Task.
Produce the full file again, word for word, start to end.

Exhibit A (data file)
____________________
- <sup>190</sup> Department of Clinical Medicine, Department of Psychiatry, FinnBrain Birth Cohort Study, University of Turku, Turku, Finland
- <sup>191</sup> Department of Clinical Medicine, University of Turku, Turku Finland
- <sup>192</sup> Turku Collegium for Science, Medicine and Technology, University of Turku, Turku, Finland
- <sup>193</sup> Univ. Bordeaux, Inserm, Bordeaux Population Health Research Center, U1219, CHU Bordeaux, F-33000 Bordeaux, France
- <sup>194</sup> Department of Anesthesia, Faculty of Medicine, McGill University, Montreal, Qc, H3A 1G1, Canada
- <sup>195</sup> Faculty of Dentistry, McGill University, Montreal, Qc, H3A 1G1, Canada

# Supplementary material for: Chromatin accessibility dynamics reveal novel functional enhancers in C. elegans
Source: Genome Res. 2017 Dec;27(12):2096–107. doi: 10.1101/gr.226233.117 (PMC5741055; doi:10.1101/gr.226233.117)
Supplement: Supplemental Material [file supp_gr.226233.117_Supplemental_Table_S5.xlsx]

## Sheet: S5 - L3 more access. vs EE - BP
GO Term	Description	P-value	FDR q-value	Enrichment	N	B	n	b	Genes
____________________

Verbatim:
- <sup>190</sup> Department of Clinical Medicine, Department of Psychiatry, FinnBrain Birth Cohort Study, University of Turku, Turku, Finland
- <sup>191</sup> Department of Clinical Medicine, University of Turku, Turku Finland
- <sup>192</sup> Turku Collegium for Science, Medicine and Technology, University of Turku, Turku, Finland
- <sup>193</sup> Univ. Bordeaux, Inserm, Bordeaux Population Health Research Center, U1219, CHU Bordeaux, F-33000 Bordeaux, France
- <sup>194</sup> Department of Anesthesia, Faculty of Medicine, McGill University, Montreal, Qc, H3A 1G1, Canada
- <sup>195</sup> Faculty of Dentistry, McGill University, Montreal, Qc, H3A 1G1, Canada

# Supplementary material for: Chromatin accessibility dynamics reveal novel functional enhancers in C. elegans
Source: Genome Res. 2017 Dec;27(12):2096–107. doi: 10.1101/gr.226233.117 (PMC5741055; doi:10.1101/gr.226233.117)
Supplement: Supplemental Material [file supp_gr.226233.117_Supplemental_Table_S5.xlsx]

## Sheet: S5 - L3 more access. vs EE - BP
GO Term	Description	P-value	FDR q-value	Enrichment	N	B	n	b	Genes